Monday, April 1, 2019

Heidi J. S. Tworek's "News from Germany"

Heidi J. S. Tworek is Assistant Professor of History at the University of British Columbia. She is also a non-resident fellow at both the German Marshall Fund of the United States and the Canadian Global Affairs Institute and is Project Coordinator of the United Nations History Project.

Tworek applied the “Page 99 Test” to her new book, News from Germany: The Competition to Control World Communications, 1900-1945, and reported the following:
I got lucky because page 99 is the start of a central chapter in the book. The chapter shows how and why the Nazis could control radio as soon as they got into power. As I explain on page 99:
“Our way of taking power and using it would have been inconceivable without the radio and the airplane,” Nazi propaganda minister Joseph Goebbels claimed in August 1933. Airplanes played a vital role in Nazi electoral strategy in the last years of the Weimar Republic: when Adolf Hitler campaigned to be president in 1932, he had flown to multiple locations a day to give speeches to roaring crowds. Although he lost that campaign to General Paul von Hindenburg, Hitler had still capitalized on German admiration for aviation. Radio could only become central to Nazi aims after Hitler became chancellor in January 1933. But Goebbels could quickly exercise power over radio, because the state already controlled its infrastructure and content. State control over wireless, and then radio, had been intended to defend democracy. It unintentionally laid the groundwork for Goebbels.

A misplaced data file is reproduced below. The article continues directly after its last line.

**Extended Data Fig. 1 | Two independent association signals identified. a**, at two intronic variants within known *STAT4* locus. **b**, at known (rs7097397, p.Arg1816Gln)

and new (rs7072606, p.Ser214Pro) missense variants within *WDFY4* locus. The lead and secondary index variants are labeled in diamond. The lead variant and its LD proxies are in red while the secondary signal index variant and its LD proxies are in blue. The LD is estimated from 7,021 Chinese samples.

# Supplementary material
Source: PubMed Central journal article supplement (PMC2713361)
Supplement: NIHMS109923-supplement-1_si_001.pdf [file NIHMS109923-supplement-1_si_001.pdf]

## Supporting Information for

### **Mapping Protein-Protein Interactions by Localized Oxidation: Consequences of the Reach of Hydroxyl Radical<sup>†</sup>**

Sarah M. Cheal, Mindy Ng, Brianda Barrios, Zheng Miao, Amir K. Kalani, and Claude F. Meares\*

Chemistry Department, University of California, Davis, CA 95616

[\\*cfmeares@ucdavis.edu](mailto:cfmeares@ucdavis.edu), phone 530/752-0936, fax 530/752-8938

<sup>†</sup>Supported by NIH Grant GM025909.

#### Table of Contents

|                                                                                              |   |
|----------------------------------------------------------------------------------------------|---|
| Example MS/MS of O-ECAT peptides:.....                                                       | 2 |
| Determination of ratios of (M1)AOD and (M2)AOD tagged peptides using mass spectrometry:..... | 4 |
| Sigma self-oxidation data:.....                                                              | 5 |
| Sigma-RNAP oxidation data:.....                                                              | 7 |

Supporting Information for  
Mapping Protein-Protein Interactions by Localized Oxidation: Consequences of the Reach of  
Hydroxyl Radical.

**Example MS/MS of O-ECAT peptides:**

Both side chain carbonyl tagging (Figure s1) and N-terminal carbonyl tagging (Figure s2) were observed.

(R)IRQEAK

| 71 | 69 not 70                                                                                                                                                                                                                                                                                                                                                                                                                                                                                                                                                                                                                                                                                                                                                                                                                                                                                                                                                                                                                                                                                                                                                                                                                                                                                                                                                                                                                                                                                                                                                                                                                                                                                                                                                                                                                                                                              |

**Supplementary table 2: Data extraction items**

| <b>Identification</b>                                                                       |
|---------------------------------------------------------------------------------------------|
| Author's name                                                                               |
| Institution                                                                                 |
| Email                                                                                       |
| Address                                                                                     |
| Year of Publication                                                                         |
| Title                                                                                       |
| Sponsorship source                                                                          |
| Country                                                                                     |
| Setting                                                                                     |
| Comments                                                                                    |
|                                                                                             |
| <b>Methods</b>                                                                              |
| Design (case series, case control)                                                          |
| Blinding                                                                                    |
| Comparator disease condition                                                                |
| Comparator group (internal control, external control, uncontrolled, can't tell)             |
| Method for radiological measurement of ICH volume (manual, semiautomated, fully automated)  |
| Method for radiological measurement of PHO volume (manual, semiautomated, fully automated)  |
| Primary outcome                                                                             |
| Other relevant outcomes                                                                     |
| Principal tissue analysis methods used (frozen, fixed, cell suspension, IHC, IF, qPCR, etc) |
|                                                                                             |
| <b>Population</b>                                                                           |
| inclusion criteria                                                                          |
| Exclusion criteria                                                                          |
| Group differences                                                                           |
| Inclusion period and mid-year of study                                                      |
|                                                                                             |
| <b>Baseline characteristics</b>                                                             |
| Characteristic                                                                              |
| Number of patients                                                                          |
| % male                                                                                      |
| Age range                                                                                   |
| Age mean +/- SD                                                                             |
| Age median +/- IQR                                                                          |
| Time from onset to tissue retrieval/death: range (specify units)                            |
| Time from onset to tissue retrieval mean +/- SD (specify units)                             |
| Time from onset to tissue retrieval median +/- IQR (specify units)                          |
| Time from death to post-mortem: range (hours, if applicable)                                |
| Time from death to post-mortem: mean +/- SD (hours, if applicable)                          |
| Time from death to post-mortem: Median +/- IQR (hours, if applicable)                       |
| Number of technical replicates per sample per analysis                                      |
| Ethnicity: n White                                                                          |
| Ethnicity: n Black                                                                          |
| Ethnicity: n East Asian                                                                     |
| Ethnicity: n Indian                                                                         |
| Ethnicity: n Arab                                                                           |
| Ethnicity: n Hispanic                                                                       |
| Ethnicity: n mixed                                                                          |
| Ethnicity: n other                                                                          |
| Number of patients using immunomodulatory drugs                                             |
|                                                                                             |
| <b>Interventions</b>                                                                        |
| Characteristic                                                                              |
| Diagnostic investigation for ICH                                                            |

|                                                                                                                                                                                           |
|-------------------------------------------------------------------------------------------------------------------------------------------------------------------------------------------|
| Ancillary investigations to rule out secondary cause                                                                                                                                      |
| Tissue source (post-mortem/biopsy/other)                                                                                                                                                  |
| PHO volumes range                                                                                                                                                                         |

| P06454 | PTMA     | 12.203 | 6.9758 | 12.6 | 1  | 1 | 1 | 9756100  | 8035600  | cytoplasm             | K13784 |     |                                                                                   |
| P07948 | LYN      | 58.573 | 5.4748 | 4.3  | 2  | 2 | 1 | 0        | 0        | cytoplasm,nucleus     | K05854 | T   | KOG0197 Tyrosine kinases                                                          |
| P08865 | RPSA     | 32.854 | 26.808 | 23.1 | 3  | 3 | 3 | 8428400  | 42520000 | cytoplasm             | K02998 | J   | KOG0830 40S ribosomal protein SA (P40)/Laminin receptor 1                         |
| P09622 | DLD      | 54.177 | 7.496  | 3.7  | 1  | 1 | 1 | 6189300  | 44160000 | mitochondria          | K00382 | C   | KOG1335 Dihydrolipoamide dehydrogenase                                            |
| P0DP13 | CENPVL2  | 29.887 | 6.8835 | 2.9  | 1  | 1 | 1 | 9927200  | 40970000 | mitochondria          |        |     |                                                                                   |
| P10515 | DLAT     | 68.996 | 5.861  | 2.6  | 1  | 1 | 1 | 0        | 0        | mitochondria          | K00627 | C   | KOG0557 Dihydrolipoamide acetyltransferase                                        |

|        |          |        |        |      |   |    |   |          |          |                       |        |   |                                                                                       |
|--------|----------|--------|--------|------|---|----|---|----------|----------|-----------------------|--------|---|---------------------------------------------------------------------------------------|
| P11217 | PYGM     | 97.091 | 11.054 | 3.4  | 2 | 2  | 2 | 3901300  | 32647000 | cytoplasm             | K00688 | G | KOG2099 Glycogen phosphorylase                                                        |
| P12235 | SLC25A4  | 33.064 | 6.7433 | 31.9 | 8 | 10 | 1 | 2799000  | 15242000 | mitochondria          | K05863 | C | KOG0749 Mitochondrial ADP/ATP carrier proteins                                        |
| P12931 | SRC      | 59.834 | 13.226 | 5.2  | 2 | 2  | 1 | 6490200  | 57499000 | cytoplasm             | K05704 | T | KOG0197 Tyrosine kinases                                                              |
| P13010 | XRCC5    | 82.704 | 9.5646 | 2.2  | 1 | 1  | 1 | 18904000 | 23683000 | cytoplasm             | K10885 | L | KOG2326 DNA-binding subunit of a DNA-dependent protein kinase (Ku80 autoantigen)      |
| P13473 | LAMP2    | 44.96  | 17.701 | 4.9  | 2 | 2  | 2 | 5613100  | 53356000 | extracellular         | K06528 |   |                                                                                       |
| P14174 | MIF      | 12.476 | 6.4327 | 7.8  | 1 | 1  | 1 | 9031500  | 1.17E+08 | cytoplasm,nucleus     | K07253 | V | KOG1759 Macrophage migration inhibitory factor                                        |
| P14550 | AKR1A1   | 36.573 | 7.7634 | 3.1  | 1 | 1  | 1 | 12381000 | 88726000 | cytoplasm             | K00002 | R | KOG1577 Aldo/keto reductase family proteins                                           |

This page encapsulates one of the book’s two main foci: why did an apparently vibrant media landscape in the Weimar Republic give way to the Nazis? I explore the terrible irony that democratic bureaucrats tried to supervise radio content to prevent extreme content. As the Weimar Republic became increasingly febrile, those bureaucrats exerted ever more control. But instead of preserving democracy, this enabled the Nazis to use radio as soon as they came to power in January 1933. As governments around the world consider how and whether to regulate the internet, this chapter and the book more broadly remind them to beware the unintended consequences of their well-meaning actions.

What this page doesn’t encapsulate is the book’s second focus: the international dimension of German intervention in the media. Alongside understanding media within Germany, I also look at why Germans tried to use news to influence global geopolitics, economics, and cultural attitudes towards Germany. The international part of the book explodes the myth that information warfare is a new invention of the 21st century. Instead, I show how and why an aspiring global power tried to use information to change international circumstances. From 1900 onwards, Germany invested heavily in new wireless and radio technology to disseminate news from Germany around the world. It achieved unexpected resonance everywhere from China to Chile. This book is a work of history, but it is also meant to remind us how news has long formed an integral part of international relations.
Learn more about News from Germany at the Harvard University Press website.

--Marshal Zeringue